One of modern literature's most acclaimed authors, Colum McCann, on how to get an agent, an excerpt taken from Letters To A Young Writer: Some Practical and Philosophical Advice.
If I had a dollar for every time I've been asked how to get an agent, I wouldn't have to have an agent. Do you need an agent? Yes, yes, and (most of the time) yes. Finding one isn't all that difficult, but finding the right one can change your life.
First of all, find a writer whose work you admire. A younger one, preferably. Someone who is already represented by an agency, but is on the cusp of making an even greater success of their career. Find out who their agent is. It’s easily done—it’s the magic of Google, or the acknowledgements page, or trawling through a few website interviews. Then write the agent a letter or an email. Be quick and expansive. Tell them you like their stable of writers and one in particular who seems to open up the airways of literature. Give them a little background, who you are, where you went to school, what you've already published. Ask if they’d like to read a few pages. Boast a little if you want. Strut your stuff. That’s all right. Agents are used to it. (Always tell them that you’re working on a novel . . . even if you’re not working on a novel yet.) Be smart, be confident, and always be brief.
If they write back—and don’t expect anybody to write back—please don’t celebrate yet. Call them, talk to them, visit them, check them out. Ask them questions. The most important thing you should know about an agent is that you employ them, they don’t employ you. Some of them may make you feel (especially at the beginning of your career) that they have you in a tight harness, but the truth of the matter is that freedom is feeling easy in the harness.
A good agent doesn't lay down the law. Rather, they allow the law to unfold. They make business decisions. They ease the tax implications. They chat with editors and publishers and reporters. They forward invitations. They cull some of the loony tunes who might want to get in touch with you. They get you gigs. They talk you up. Yes, they can change your life instantly. And, yes, they can show you the money. But essentially you are your own agent, because the only thing it comes down to is the language on the page.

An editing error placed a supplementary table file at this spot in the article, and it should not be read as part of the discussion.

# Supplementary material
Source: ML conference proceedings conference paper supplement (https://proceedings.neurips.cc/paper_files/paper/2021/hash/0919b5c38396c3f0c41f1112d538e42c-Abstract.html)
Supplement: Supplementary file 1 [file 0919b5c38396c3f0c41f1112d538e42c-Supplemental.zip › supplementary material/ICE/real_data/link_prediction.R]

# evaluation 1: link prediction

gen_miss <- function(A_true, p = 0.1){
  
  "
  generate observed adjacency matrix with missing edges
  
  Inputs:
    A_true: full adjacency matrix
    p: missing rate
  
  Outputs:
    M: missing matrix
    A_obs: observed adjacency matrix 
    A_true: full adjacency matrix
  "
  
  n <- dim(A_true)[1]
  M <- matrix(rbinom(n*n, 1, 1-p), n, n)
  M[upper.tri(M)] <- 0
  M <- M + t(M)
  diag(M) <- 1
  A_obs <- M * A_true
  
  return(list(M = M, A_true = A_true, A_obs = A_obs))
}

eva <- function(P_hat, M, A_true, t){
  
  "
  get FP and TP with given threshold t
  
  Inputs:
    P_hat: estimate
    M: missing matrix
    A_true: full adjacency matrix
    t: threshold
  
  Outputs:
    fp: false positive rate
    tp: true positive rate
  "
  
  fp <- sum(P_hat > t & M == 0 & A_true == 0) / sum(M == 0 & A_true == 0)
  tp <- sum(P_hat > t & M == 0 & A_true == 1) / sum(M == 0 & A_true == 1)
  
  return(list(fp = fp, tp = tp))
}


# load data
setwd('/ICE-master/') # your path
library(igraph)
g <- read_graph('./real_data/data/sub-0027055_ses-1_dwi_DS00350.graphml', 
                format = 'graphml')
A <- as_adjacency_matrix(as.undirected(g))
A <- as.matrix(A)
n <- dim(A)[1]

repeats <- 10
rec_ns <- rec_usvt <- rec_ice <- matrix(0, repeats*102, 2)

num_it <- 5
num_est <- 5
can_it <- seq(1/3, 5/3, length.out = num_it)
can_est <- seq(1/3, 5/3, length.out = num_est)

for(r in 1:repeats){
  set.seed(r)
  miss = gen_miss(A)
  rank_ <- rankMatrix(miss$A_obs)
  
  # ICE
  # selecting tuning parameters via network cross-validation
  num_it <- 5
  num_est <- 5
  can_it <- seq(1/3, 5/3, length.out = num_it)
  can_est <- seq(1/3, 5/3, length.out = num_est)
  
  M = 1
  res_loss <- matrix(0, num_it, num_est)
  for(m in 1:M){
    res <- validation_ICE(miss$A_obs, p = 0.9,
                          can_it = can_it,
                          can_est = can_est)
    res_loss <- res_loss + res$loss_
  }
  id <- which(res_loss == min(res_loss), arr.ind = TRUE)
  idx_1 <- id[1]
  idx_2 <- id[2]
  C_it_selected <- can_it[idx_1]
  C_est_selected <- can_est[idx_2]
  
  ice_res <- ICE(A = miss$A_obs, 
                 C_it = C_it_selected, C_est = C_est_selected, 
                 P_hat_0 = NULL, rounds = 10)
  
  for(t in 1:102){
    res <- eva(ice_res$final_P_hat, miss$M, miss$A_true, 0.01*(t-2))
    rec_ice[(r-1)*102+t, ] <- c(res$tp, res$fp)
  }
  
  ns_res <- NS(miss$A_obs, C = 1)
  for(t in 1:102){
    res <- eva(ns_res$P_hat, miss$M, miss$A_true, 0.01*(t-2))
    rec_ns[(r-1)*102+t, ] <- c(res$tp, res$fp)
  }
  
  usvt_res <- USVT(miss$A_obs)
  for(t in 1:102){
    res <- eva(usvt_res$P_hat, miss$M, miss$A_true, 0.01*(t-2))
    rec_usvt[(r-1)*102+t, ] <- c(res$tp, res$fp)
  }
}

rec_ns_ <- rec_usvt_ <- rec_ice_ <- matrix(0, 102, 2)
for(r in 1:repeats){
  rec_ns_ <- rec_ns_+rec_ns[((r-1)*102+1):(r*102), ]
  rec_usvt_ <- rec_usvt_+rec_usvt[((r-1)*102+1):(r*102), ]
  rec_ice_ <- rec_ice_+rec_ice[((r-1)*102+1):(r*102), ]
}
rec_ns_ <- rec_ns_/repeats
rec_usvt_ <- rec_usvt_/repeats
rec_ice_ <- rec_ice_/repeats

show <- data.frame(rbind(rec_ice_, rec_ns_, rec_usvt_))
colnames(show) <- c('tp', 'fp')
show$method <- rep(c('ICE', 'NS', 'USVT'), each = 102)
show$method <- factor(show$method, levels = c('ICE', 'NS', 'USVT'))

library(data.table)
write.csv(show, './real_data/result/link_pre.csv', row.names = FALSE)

You should be the governor of your own writing. Don’t change your words to suit an agent unless you know—deep in your heart’s core—that the agent is correct. Even then you must make sure that you are not compromising yourself. This is your work, after all. Agents become agents because they want things to sell, not necessarily to sing (although a great agent will sell and sing simultaneously).
Listen to the agent, but be the agent of your own agency. This takes deep intuition. And a bit of style. And a good dose of humility.
Don’t forget that you will be paying your agent anywhere up to twenty percent of your money, so a good agent will get you at least twenty-five percent more than you even imagined. Pay this willingly. Don’t question their expense sheet. Don’t second-guess them. Don’t whine or whisper. Your agent should be on your side. If he is not, then remember that you are his employer and fire him. Excuse me? Fire him, I said, fire him. (But not until you’ve found another agent.) Remember that this is your work. You go to the coalface every day. You know what it takes to lift that bucket of words up from the well. Be true to this instinct. You know where true value lies. Your words should jangle, not just your pocket. Now, go write.
Colum McCann, originally from Dublin, Ireland, is the author of six novels and two collections of stories. His most recent novel, the New York Times bestseller Let The Great World Spin, won the National Book Award, the International IMPAC Dublin Literary Award and several other major international awards. His fiction has been published in thirty-five languages. He lives in New York.
Letters To A Young Writer will be published in May, 2017. Browse titles from Colum McCann on Bloomsbury.com